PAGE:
By Lindsey Turnbull
Deputy Premier and Finance Minister Chris Saunders announced last week in his Budget address in Parliament that Cayman’s domestic economy was expected to recover partly, with an estimated growth of 1.2% in 2021. Economic activity was expected to accelerate by 5% in 2022 and an average each year of 3.2% between 2023 and 2025.
Hotels and restaurants were expected to contract further by 88% in 2021, but the sector was expected to recover partially, with an average annual growth rate of 224.9% per year between 2022 and 2025.
The transport sector would contract 26.9% in 2021 and recover with an average annual growth rate of 12% in the next four years, while the wholesale sector would increase 2.2% in 2021 and 3.7% each year from 2022 to 2025. Financial services were expected to expand 1.9% in 2021 and average growth of 1% per year between 2022 and 2025.
Construction projects, including the NCB, Hyatt, Mandarin and Indigo hotels, John Gray High School, the construction of a mental health facility and continued expansion of roads, meant the industry was expected to grow 9.4% in 2021 and average 5.3% growth from 2022-25. Business services would expand by 3.7% in 2021 and see an average expansion of 2.2% from 2022-25.
Inflation would be 1.3% in 2021, 3.4% in 2022 and an average of 2% over the following three years. The unemployment rate would be 5% in 2021 and 4.4% in 2022 and averaging 3.6% in the remaining three years.
In 2022 government operating revenue was anticipated at $940.9m and in 2023 it would climb to a total of $978.1m, while operating expenses would be $921.5m in 2022 and $950.4m 2023.
Major cost drivers would be personnel costs, totalling $437.2m in 2022, and $459.3m in 2023. These costs were from the recruitment of teachers, as well as bolstering the police, fire, prison and border and control services, increasing resources for the promotion and regulation of the financial services industry and increased civil servants’ health insurance premiums.
Supplies and consumables were also going up, with the government budgeting $149.4m in 2022 and $149.2m in 2023. Depreciation was budgeted for $45m in 2022 and $47.5m in 2023 and reflected the increase in value of the government assets as various capital projects were completed, the Minister indicated.
Government’s line of credit allowed it to borrow up to $299m in 2022 and $50m in 2023, a total of $349.1 m over the next two financial years. In June 2022, any amount advanced unpaid under the line of credit already established by the previous government would be converted into a 15-year fixed rate amortising loan.
The time had come where the government could not afford to continue depleting its cash reserves and might need to draw on line of credit to ensure that the minimum number of cash days remained compliant with the PMFA. Government would only draw down on the loan funds if and when it was absolutely necessary to do, Minister Saunders said.
With respect to the $349.1m intended borrowings, in 2022 $303.5m would be used to fund capital investments by core government and $59.4m invested in statutory authorities and government companies, of which $45.6 would be met by borrowings.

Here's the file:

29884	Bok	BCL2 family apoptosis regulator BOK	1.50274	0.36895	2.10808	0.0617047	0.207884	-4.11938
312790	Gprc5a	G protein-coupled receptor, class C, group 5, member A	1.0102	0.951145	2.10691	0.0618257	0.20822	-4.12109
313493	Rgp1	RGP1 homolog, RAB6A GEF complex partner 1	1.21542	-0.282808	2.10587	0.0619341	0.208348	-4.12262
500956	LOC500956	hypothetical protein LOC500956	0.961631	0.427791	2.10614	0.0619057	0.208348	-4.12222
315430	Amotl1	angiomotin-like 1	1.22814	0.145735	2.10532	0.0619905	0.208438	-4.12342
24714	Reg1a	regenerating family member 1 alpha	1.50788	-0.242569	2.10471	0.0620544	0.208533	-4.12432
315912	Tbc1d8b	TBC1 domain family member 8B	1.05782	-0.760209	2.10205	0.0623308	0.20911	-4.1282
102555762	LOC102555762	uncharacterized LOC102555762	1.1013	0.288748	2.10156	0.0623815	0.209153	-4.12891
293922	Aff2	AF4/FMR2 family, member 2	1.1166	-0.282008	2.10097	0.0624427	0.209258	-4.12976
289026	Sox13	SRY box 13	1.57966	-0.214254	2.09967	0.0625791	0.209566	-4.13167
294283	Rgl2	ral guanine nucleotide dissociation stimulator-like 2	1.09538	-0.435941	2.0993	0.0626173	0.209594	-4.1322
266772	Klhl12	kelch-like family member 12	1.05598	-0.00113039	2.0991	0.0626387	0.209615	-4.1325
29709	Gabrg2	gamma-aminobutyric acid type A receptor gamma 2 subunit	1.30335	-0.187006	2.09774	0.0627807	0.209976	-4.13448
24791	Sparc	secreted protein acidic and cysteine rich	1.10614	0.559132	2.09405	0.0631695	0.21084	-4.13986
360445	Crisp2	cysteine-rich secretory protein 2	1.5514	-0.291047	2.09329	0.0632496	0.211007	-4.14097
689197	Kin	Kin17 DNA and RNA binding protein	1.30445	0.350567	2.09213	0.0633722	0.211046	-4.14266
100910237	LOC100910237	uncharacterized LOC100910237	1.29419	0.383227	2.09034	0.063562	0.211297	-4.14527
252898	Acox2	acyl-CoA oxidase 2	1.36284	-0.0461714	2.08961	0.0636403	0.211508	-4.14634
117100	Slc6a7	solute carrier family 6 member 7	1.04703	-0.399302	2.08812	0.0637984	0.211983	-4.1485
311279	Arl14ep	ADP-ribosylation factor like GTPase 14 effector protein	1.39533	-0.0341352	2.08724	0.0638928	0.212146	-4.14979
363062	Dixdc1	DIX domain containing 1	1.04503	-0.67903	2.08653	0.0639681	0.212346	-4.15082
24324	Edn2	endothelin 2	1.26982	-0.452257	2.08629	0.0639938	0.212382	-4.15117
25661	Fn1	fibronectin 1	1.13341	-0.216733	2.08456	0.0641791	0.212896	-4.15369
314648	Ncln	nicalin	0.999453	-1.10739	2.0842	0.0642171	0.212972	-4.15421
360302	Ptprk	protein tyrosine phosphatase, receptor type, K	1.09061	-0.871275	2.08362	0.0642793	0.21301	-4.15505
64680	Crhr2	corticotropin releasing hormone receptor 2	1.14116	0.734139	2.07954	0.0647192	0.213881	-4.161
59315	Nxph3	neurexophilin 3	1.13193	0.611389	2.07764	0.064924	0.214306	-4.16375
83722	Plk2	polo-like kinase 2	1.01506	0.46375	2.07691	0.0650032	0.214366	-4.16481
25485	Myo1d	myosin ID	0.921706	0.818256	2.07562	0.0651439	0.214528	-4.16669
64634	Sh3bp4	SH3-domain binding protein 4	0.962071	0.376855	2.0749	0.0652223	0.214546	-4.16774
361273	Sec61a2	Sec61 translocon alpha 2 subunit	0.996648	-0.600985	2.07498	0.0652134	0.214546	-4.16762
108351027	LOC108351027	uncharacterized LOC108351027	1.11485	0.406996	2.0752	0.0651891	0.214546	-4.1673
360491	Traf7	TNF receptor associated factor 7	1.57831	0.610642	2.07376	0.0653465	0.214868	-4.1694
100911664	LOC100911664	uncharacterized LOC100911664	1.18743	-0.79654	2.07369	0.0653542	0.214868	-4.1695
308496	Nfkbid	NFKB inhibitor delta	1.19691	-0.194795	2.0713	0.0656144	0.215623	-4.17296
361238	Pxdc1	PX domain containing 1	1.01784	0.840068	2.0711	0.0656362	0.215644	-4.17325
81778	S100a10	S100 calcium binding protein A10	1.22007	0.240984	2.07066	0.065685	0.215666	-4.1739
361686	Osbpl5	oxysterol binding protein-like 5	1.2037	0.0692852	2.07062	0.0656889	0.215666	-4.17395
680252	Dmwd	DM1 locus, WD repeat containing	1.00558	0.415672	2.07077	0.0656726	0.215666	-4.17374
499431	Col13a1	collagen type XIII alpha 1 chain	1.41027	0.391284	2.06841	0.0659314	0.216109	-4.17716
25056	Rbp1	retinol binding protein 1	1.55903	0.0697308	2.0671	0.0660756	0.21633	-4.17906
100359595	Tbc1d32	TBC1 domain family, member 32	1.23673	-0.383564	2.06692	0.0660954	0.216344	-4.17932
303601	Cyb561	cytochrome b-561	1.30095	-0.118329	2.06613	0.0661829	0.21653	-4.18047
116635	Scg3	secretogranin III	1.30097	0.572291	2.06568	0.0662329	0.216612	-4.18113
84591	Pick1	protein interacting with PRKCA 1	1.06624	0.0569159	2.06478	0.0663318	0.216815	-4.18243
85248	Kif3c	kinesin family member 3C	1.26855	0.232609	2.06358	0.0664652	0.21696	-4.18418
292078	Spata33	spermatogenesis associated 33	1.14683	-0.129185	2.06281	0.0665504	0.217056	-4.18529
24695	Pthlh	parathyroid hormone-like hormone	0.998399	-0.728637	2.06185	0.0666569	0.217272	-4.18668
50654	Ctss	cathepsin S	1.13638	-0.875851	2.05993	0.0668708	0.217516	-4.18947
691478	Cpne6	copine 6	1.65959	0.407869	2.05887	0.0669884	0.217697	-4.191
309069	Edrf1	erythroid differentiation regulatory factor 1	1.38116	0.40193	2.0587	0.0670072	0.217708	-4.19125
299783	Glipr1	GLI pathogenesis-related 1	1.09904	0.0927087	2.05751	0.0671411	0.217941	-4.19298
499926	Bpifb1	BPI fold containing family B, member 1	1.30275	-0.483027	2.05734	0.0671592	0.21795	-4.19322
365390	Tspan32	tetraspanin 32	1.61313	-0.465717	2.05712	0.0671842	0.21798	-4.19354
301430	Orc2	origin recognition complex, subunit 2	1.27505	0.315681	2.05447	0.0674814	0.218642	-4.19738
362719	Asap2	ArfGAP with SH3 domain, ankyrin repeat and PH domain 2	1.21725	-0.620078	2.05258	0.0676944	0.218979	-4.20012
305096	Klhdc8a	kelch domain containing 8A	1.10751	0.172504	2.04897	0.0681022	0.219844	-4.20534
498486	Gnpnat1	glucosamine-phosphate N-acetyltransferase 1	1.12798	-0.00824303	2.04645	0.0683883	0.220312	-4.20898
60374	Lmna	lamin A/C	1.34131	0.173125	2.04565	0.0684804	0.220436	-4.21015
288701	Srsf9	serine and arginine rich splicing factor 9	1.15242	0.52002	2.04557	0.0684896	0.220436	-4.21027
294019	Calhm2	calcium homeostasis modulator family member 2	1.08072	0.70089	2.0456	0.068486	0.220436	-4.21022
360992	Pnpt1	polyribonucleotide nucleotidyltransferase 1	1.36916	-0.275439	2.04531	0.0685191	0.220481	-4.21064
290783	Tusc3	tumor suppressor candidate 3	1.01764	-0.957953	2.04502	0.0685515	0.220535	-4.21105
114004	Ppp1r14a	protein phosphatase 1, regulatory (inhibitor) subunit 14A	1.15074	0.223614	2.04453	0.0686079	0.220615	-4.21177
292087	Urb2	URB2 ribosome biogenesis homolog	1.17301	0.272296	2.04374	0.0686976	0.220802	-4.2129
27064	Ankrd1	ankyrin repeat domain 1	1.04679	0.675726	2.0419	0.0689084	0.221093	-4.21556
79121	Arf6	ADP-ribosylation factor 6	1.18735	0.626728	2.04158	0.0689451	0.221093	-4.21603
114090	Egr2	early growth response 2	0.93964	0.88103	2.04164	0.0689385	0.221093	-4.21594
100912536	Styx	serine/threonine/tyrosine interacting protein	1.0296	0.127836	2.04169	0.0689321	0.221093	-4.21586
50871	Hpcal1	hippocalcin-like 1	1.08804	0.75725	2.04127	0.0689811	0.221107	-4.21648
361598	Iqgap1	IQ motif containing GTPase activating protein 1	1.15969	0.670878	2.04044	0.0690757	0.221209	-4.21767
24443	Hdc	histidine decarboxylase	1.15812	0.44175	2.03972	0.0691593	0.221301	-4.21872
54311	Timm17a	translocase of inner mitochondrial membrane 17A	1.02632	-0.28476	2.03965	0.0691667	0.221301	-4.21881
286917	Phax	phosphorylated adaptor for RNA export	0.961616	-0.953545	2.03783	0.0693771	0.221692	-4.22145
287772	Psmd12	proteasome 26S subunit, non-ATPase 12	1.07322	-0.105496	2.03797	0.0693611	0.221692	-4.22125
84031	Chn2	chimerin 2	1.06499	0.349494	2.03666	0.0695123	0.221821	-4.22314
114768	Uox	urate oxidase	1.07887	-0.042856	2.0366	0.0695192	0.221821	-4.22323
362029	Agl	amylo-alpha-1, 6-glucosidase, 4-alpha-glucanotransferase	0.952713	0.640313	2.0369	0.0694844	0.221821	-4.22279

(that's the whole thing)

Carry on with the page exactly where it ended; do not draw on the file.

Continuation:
Government was therefore expected to incur financing costs of up to $14.7m costs in 2022 and $16.9m in 2023, and these would be expenses covering interest and financing costs. Overall debt was expected to increase to $485.4m in 2022 and decrease marginally to $482.1m in 2023. Cayman’s debt-to-GDP ratio was predicted at 9.3% in 2022 and 8.7% in 2023, still one of the lowest debt-to-GDP ratios in the world. Government was currently looking to refinance its existing debt at lower interest rates, Minister Saunders confirmed.
Outputs on Statutory authorities and Government companies would come in at $161.9m in 2022 and $164.8m 2023.
This would be used to fund most of the following:
• Cinico $50.1m 2022/ $51.6m 2023
• HSA $42.4m 2022/ $42.2m 2023
• Cayman Airways $18.6 in 2022 and 2023
• Cayman Islands Monetary Authority $31.8m 2022/$33.5m 2023
Outputs from non-governmental output suppliers would be $42.5 in 2022 and $50.8m in 2023, broken down as follows:
• $20.9m 2022/$21.6m 2023 for medical expenses for uninsured and under insured
• $2.7m per year towards legal aid
• $7.4m in 2022/$14.9m 2023 for the public schools’ meals programmes,
• $2m per year for the care for indigent and disabled elderly people.
The transfer of payments would total $61.5m 2022/$52.9m 2023, for funds to deliver critical social programmes for young people and financial support for some of the most vulnerable in society, as follows:
• $10m per year for local and overseas scholarships for more than 2,500 students.
• $13.7m 2022/$14.5m 2023 for temporary permanent assistance to support the most vulnerable
• $11.1m per year ex-gratia to retired seamen
• $10.3m in 2022 for stipends for people in tourism sector
The operating deficits of statutory authorities and government companies would total a net debt of $35.2m 2022 and 19.1m in 2023, as follows:
• CIAA $14.9m 2022/$3.2m 2023
• Cayman Turtle Conservation and Education Centre $8.8m 2022/$7.1m in 2023
• Cayman Airways $7.2m 2022/$6.5m in 2023.
In 2022, core government was forecast to earn an operating surplus of $19.4m but when factoring the operating deficit of public entities, the entire public sector will have a net deficit $15.8m.
In 2023 core government would earn an operating surplus $27.7m. When factoring operating deficits of public entities, the entire public sector was forecast to have an overall net surplus of $8.6m for 2023.